A few weeks ago, I started teaching my first undergraduate course, Organizational Development, and the learning content includes looking back at the pioneers of the field. Currently, I’m reading an article by Douglas McGregor on the human side of enterprise. Published in 1957, this article was written over a half-century ago yet couldn’t be more applicable to today’s business environment. Particularly relevant is the author’s focus on the people aspects of management. You’ll often hear me talk about how management practices need to change to be more about the people, and it’s telling that the same issues alive in 1957 are still happening today.
In this article, Douglas McGregor states that conventional management theory assumes the belief that the average worker does the minimum possible, is naturally resistant to change, lacks ambition, is averse to responsibility, and is “gullible and not very bright”. Conventional management theory has a rather negative view of the employee and assumes that the only way to motivate is to punish or reward.
Although conventional management theory has evolved, and we have come a long way in our view of the average worker (no one is going around saying that the average worker is not very bright) it still informs the management style used in many workplaces today.
These styles vary by manager and organization, yet the great resignation and quiet quitting have shown us that workers are unhappy with the value proposition in the modern workplace. If the common quote “people don’t leave organizations they leave managers” is to be believed, we have a management crisis in the American workplace. After all, would millions of people collectively resign or disengage if the work environment gave them what they need?
People bring their unique set of values and behavioral inclinations to work; their motivational drives are sourced from these. We must discover these drives and integrate them into the modern workplace. We cannot manage people the way we do a machine. We must prioritize the person, their needs and well-being and create a collaborative and trusting environment.
So how do we bring the focus on people back into the management equation? How do we create a workplace that is beneficial to the organization and is supportive and affirming of the individual?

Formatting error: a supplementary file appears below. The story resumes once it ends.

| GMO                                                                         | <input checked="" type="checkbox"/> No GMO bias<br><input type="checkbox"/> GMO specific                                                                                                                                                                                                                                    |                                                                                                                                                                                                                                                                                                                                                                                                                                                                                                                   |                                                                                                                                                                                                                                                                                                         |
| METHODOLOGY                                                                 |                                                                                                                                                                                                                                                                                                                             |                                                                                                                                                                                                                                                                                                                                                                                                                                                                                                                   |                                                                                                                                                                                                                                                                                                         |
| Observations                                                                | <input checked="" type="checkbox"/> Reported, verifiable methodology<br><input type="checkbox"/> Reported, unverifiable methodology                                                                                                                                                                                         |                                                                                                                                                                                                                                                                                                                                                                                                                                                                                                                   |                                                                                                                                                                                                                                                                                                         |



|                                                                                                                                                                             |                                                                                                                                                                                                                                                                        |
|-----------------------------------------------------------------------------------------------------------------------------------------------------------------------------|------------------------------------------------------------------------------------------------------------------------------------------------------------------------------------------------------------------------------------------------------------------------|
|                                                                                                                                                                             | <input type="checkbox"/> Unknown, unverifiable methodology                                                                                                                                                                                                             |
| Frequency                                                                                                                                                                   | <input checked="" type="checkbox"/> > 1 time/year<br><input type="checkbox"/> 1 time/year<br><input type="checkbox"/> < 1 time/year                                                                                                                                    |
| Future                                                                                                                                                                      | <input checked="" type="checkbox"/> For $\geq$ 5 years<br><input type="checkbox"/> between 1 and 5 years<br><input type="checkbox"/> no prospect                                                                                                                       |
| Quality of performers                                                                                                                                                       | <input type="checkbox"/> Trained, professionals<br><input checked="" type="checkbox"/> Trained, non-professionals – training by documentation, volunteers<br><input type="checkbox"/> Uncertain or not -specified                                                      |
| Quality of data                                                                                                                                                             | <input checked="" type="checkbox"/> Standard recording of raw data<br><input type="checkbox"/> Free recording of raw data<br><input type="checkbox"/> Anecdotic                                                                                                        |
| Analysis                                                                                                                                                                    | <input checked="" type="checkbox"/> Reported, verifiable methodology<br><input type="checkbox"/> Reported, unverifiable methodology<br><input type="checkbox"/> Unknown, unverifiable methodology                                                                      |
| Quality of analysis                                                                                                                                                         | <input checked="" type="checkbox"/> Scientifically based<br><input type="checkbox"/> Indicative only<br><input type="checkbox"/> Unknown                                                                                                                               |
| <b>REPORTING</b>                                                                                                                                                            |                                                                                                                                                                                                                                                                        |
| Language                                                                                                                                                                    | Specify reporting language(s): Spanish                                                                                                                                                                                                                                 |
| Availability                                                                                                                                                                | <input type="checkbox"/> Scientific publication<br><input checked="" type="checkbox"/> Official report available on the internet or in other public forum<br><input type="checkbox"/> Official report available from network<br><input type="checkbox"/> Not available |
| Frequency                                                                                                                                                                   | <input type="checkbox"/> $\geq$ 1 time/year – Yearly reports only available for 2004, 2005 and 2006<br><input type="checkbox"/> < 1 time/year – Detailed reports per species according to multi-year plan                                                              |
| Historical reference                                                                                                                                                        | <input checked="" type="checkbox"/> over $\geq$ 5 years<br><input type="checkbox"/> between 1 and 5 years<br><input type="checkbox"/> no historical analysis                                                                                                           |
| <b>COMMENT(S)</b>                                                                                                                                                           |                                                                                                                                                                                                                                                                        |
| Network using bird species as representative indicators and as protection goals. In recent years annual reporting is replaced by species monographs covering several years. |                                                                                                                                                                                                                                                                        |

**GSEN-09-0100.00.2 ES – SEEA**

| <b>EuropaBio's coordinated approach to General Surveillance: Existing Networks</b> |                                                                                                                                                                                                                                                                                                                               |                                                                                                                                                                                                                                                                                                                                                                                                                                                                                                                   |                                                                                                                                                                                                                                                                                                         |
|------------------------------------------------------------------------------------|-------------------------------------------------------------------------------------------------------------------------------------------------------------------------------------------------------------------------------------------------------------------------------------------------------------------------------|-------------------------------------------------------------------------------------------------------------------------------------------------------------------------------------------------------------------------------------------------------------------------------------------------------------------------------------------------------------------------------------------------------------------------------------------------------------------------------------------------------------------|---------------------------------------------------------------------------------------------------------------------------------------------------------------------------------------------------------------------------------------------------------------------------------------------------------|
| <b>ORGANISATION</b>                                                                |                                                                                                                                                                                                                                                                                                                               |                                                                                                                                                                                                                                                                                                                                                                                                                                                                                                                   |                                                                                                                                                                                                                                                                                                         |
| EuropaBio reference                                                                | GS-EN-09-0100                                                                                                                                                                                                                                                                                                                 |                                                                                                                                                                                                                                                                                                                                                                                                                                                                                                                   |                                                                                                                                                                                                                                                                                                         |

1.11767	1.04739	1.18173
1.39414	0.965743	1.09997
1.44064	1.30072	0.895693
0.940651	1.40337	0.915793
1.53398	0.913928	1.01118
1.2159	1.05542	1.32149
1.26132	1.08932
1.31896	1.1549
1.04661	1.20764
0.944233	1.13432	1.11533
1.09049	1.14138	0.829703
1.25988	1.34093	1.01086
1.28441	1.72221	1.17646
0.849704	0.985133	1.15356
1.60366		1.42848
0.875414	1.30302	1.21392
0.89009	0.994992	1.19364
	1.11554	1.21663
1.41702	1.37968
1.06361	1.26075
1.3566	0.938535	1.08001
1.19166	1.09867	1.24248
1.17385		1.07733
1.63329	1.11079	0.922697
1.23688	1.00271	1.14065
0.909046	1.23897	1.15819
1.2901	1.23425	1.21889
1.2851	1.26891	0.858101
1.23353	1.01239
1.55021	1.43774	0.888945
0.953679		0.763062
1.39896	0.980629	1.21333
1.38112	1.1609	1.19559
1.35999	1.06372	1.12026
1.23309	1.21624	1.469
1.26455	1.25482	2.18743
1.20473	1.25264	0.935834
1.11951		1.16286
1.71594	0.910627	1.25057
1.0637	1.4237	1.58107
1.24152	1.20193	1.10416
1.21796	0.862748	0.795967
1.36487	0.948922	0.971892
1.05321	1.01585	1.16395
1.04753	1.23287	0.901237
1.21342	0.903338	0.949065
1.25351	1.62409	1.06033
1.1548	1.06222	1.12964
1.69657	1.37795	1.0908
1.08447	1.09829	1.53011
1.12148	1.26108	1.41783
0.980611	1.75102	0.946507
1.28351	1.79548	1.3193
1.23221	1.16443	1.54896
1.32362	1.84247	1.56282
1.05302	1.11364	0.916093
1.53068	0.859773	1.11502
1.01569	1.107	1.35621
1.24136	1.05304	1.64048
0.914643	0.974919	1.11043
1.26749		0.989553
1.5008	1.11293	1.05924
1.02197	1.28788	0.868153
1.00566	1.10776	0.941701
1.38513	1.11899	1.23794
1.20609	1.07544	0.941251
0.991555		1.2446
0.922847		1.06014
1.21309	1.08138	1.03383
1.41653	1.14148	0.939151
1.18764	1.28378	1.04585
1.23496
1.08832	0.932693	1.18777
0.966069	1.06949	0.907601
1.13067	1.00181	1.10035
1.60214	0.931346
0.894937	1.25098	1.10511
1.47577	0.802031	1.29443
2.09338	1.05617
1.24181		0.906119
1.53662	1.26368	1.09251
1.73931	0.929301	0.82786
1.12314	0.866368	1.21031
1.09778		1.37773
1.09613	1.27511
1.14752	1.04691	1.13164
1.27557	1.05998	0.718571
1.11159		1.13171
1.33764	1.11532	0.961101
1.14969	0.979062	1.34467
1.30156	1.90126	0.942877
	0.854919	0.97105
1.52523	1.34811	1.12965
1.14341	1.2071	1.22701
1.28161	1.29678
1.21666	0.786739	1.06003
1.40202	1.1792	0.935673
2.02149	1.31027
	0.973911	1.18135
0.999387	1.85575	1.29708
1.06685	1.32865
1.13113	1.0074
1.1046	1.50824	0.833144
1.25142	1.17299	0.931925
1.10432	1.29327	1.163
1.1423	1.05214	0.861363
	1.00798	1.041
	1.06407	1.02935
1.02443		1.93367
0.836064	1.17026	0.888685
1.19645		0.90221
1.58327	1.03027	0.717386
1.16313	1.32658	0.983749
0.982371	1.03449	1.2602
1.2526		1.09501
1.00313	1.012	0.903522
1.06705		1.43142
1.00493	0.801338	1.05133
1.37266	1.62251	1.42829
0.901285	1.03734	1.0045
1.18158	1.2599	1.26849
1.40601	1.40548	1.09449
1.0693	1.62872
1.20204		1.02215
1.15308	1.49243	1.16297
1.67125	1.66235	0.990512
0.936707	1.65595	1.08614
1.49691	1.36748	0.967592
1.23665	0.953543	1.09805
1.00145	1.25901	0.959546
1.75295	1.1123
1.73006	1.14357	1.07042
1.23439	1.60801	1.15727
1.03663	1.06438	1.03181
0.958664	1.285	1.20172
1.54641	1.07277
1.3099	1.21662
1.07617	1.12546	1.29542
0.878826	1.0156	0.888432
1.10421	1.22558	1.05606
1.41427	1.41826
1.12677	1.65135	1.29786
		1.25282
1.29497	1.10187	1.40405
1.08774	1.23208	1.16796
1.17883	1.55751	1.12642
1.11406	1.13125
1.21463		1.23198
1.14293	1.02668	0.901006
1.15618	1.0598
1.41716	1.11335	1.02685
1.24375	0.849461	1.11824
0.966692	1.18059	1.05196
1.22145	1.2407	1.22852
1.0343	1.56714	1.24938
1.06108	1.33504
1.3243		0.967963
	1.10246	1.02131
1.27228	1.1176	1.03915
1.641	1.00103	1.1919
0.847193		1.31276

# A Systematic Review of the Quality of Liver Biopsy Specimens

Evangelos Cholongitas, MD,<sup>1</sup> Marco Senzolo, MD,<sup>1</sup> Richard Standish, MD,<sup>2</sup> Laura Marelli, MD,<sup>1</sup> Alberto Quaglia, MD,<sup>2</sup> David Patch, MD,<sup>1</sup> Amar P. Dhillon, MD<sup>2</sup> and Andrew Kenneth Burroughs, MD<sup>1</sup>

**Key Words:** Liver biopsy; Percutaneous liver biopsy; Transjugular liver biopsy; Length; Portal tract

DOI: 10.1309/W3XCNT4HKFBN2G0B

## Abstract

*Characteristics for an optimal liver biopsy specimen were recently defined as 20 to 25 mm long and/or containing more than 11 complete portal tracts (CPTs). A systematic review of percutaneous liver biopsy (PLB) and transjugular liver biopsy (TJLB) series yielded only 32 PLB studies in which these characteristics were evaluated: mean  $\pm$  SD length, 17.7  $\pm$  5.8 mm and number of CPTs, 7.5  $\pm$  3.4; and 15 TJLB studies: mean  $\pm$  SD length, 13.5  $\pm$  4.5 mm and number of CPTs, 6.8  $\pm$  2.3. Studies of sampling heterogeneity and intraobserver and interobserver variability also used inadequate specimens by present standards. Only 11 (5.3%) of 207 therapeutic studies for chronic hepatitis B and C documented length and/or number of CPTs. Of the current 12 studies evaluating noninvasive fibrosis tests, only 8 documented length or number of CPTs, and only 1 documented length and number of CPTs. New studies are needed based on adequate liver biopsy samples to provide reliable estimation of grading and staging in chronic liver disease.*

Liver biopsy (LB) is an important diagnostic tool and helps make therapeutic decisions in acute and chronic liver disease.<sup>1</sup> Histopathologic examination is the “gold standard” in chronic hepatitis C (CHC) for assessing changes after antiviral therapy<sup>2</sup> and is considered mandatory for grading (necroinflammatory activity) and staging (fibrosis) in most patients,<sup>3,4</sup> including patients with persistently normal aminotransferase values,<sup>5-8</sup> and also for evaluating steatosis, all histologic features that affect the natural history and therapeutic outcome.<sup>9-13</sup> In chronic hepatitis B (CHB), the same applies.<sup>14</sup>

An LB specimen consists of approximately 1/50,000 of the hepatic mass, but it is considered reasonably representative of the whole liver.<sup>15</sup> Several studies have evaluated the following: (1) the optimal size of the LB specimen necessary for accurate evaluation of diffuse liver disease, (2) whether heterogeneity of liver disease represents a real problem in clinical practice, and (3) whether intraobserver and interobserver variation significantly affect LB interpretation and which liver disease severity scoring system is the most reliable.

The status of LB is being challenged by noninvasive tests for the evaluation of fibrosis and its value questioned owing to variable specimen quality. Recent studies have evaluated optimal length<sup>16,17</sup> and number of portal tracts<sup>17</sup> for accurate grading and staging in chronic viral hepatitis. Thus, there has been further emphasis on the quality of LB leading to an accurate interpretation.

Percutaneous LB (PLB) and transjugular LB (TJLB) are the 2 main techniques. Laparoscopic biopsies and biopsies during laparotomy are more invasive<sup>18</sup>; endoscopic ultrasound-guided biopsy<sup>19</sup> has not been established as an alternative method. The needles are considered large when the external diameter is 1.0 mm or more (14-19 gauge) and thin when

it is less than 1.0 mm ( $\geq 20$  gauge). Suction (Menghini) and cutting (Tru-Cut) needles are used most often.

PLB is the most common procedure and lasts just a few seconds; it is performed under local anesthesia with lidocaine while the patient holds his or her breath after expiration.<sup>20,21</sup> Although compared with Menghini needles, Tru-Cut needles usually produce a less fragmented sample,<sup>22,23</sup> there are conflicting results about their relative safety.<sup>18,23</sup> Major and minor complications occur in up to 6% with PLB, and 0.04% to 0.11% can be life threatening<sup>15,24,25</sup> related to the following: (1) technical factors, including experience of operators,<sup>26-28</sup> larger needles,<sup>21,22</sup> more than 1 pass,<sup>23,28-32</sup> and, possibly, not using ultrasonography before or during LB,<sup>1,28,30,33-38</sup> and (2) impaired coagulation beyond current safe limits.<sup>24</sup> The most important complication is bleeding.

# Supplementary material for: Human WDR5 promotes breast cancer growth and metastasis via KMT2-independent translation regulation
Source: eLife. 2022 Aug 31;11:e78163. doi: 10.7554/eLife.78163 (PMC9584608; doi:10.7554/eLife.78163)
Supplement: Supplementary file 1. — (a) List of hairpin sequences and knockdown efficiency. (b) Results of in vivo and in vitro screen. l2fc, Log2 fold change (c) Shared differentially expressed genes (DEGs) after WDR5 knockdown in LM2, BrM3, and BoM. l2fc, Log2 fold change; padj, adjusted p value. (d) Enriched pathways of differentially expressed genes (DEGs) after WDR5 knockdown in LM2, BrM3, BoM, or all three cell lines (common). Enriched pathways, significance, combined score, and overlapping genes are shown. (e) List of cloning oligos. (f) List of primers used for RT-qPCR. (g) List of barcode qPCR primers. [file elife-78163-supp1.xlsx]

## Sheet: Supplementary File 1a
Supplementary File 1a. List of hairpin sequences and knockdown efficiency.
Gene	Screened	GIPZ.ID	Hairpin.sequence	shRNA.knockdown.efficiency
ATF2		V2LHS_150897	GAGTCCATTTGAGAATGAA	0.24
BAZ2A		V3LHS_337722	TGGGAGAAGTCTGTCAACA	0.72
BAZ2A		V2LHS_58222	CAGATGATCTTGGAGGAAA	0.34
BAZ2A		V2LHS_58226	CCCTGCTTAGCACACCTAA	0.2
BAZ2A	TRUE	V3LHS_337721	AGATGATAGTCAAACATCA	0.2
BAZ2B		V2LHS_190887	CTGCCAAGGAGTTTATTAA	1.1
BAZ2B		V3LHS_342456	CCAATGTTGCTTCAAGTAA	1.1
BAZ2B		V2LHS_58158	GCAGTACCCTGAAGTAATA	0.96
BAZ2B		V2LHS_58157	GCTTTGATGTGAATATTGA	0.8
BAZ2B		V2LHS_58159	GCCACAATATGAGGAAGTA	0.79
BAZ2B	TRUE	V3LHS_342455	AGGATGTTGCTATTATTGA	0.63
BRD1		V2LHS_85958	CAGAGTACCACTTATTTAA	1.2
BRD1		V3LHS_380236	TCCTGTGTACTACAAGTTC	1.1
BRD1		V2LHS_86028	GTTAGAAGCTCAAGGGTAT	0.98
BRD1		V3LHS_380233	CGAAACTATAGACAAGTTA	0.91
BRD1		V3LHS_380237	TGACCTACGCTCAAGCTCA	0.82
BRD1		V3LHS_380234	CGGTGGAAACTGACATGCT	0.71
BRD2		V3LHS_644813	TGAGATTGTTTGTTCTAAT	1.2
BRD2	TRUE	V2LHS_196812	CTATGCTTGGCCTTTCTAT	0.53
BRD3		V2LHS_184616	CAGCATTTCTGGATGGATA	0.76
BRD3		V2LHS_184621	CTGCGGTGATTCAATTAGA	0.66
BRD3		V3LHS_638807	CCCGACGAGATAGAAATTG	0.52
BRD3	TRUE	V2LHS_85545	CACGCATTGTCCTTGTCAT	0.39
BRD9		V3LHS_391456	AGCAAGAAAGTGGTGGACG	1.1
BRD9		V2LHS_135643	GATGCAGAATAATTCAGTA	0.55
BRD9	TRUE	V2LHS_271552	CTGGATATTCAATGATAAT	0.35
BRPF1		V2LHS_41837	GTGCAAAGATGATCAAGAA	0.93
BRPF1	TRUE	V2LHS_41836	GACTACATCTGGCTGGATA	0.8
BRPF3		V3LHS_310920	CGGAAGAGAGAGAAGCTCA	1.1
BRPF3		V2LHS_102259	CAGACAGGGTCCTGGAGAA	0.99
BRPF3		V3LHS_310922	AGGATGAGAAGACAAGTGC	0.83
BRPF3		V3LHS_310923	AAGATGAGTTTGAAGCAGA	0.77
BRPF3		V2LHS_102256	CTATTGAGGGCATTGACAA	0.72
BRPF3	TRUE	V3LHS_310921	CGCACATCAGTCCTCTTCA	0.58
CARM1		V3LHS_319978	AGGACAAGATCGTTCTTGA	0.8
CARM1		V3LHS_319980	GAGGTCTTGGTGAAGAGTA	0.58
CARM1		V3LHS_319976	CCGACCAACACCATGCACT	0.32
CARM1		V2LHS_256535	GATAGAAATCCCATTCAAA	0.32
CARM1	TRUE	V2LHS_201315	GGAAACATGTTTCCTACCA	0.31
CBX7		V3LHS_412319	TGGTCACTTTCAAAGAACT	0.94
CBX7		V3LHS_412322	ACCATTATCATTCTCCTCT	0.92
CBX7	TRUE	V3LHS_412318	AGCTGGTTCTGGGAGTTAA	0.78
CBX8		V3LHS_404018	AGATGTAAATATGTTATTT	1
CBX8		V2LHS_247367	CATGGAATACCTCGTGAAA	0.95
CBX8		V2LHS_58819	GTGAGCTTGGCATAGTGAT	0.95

First, we need to have confidence in the people we are hiring. We must get the right people in the right seats, and we do that by utilizing people data. This allows us to look beyond the resume and past employment history and into the core of what makes the employee who they are – their drives and their motivations. Once we have the right people we must give them the onboarding tools and training necessary to effectively start their tasks. Encourage dialogue to ensure understanding of expectations.
Next, we need to empower our employees to do their jobs and allow them a voice to demonstrate ownership and pride in their work. Give value to their input and suggestions to improve their day-to-day performance. Supply them with the tools needed to support their suggestions, encouraging them to excel in their position. Refer to their behavioral assessment to outline their career path, ensuring this path aligns with their core values and motivational drives. Give regular reviews and input to discuss their progression and provide guidance and resources if they’re falling behind.
Finally, remember that people have a sincere desire to do well, contribute, make a difference, and be recognized (contrary to the conventional management theory). They have needs beyond “just a paycheck” and these must be considered if we are to create an organization that is beneficial for both the employee and the employer.
According to famed management consultant W. Edward Deming ”The role of the manager ought to be to help his people to do a better job. He should be working with them all the time and not be a judge. He should be a coach.” Deming believed in bringing the people “on the front line” into the conversation. He statistically demonstrated that the great majority of quality and productivity problems are systems problems and are the responsibility of management and not the worker. Management should be tasked with creating systems in which each worker can do a good job.
At Positive Delta we believe that bringing people into the conversation (whether in a change initiative or in a “business as always” environment) is crucial to success, yet it is a missing ingredient in many organizations today. If you feel your organization is losing its way (or veering from your original culture and values), Positive Delta can help get you back on track.
This article was originally published by Adrienne Guerrero on LinkedIn.